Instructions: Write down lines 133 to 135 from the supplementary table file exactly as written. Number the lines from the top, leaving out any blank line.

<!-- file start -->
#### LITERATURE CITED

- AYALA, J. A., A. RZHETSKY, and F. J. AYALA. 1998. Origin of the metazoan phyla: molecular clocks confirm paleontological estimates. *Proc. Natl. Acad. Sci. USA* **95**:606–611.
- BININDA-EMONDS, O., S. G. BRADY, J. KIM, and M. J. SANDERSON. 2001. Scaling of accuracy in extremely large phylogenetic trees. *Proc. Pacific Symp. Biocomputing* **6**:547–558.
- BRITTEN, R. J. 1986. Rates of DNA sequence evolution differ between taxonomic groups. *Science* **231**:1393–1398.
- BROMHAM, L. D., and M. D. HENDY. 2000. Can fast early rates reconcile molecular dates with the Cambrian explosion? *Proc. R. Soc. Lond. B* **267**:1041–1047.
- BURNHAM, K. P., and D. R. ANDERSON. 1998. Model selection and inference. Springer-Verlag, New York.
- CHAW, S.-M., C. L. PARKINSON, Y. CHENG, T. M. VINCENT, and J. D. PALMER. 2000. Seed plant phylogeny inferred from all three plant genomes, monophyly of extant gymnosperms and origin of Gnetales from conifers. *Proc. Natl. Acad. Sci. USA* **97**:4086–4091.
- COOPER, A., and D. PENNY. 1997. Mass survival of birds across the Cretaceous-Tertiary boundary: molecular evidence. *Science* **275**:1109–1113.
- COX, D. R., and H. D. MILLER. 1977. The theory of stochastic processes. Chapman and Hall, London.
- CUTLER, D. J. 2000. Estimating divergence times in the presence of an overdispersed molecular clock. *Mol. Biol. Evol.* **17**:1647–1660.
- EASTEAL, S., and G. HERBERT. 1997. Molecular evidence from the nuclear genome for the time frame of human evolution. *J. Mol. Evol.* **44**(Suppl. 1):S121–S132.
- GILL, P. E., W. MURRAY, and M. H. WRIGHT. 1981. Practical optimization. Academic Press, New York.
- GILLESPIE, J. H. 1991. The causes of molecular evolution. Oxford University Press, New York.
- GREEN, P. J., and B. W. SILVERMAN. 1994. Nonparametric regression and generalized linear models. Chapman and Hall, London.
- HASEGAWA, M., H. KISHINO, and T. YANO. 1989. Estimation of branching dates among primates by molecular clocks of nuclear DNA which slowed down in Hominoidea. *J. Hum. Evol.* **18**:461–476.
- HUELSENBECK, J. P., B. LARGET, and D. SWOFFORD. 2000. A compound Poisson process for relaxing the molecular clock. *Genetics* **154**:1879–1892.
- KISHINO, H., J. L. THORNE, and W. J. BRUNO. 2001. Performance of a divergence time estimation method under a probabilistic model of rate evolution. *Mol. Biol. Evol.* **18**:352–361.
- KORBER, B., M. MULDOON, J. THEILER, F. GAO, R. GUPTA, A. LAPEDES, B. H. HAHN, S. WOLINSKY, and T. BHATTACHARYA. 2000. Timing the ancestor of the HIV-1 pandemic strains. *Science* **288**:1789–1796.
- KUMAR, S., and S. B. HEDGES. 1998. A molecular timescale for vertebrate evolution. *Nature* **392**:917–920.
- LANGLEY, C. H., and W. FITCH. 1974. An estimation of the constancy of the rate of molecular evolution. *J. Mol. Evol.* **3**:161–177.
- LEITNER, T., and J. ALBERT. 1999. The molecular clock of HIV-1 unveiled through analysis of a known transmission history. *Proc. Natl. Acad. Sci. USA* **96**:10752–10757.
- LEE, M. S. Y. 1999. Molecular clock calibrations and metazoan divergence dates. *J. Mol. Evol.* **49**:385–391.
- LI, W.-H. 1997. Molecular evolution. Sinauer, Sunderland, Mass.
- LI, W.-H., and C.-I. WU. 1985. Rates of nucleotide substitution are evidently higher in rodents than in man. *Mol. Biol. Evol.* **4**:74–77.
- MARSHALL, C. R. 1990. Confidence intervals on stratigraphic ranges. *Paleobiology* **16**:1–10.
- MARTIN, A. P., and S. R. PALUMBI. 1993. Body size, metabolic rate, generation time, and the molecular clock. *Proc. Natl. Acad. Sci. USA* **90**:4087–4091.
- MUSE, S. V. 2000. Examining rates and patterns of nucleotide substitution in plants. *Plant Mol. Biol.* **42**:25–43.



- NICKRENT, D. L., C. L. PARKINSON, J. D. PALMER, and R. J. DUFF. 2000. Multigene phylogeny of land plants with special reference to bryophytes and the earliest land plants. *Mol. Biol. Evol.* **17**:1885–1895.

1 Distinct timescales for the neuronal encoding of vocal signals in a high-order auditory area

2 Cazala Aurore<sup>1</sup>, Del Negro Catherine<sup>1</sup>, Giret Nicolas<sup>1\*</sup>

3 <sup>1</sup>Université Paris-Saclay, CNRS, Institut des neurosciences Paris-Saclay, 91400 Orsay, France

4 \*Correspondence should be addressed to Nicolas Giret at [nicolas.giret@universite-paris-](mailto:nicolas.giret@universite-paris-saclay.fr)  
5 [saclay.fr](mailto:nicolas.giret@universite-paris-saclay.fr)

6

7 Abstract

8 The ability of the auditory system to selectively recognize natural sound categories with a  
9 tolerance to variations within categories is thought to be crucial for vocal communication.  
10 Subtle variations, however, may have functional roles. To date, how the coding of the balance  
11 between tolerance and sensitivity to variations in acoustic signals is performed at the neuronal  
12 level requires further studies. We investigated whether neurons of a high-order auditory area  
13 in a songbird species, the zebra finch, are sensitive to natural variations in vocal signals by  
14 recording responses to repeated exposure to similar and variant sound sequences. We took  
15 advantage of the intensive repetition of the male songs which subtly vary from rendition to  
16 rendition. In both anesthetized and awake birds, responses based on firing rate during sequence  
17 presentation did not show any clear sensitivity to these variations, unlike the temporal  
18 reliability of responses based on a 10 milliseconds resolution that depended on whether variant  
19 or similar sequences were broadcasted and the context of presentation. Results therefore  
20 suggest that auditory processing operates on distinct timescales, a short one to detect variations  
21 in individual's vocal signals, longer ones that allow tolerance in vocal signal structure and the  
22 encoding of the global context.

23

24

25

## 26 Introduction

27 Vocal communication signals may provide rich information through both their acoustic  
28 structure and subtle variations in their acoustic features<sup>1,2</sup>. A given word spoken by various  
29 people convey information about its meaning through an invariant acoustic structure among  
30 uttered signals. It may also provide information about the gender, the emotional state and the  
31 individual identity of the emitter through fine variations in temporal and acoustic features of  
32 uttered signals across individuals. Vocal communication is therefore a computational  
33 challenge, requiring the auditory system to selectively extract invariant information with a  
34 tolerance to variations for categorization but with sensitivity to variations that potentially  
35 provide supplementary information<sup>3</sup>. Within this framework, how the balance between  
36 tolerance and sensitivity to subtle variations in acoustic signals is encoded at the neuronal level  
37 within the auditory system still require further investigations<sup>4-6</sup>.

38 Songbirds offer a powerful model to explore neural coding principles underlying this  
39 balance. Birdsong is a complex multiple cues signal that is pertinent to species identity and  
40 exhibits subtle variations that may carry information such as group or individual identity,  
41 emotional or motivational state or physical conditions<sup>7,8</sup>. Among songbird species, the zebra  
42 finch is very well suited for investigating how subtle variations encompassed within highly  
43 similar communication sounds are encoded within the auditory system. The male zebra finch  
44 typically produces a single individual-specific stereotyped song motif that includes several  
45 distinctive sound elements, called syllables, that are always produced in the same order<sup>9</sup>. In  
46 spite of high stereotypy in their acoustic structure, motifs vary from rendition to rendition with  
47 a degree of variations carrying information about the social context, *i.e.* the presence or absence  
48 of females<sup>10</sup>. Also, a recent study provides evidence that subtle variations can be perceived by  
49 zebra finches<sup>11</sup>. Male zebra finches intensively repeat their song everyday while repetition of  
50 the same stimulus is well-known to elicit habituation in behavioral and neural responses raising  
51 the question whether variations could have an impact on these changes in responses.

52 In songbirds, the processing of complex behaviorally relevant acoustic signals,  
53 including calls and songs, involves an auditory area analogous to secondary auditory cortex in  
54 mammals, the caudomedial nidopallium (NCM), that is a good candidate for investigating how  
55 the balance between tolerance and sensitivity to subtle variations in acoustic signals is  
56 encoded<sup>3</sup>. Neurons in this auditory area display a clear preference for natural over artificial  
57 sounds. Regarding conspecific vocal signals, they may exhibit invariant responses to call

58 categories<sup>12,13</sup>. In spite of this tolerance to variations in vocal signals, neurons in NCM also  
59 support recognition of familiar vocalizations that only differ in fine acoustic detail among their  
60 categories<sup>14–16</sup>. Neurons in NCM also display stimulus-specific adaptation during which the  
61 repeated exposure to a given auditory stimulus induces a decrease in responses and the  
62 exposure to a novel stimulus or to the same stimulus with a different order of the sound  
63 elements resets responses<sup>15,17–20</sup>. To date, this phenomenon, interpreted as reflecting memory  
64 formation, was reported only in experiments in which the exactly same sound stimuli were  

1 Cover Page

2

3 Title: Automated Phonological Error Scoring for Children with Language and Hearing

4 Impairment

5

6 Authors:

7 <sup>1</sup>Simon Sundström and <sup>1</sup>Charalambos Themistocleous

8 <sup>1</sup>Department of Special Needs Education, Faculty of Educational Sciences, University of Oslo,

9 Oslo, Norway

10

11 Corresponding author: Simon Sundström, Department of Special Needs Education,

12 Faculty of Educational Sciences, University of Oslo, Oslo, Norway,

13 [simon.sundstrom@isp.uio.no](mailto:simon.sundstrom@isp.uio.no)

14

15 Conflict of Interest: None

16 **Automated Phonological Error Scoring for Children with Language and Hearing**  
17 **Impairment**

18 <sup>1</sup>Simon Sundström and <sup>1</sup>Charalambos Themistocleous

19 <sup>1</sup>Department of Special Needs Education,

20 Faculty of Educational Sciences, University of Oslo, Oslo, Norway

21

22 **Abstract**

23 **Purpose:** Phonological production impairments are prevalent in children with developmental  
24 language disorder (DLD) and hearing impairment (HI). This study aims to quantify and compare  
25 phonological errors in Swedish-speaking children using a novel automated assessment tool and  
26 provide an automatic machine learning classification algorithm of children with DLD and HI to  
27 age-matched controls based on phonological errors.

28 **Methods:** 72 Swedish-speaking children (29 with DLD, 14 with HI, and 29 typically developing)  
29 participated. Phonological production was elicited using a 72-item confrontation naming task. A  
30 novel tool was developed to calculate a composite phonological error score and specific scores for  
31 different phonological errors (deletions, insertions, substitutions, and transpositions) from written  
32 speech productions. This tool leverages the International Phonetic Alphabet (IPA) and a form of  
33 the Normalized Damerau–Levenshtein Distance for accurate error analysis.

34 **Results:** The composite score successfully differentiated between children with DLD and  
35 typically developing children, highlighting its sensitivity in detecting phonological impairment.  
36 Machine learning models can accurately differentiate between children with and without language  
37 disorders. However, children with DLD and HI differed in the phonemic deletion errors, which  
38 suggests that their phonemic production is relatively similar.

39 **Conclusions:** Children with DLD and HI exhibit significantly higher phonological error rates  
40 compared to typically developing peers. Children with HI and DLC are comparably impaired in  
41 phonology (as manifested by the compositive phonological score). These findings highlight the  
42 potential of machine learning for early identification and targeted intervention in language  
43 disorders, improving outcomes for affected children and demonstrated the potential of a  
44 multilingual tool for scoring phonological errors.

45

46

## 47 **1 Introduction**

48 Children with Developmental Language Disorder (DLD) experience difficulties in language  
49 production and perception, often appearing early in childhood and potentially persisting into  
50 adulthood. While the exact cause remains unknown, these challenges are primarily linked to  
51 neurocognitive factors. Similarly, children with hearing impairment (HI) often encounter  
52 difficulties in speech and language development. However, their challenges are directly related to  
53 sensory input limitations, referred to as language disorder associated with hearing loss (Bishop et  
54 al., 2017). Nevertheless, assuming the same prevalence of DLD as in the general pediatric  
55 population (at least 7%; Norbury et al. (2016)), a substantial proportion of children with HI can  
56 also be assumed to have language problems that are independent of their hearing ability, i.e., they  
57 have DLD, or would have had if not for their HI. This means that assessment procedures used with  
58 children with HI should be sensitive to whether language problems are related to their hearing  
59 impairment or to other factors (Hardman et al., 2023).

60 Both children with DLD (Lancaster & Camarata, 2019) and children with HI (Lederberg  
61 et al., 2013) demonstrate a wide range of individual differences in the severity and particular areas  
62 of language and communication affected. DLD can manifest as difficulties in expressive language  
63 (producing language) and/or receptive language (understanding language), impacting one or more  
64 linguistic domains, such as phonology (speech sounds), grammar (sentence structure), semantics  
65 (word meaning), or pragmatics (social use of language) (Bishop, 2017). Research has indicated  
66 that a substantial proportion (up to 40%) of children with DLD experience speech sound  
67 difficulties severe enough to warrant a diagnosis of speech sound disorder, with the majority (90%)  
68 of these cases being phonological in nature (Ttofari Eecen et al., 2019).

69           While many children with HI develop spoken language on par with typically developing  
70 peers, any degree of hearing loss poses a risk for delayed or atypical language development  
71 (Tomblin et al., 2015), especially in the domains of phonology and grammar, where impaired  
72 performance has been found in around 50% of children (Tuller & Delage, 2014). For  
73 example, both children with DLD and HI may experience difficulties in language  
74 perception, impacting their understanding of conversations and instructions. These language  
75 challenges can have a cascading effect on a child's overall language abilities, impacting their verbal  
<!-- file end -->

41 phonology (as manifested by the compositive phonological score). These findings highlight the  
42 potential of machine learning for early identification and targeted intervention in language  
43 disorders, improving outcomes for affected children and demonstrated the potential of a  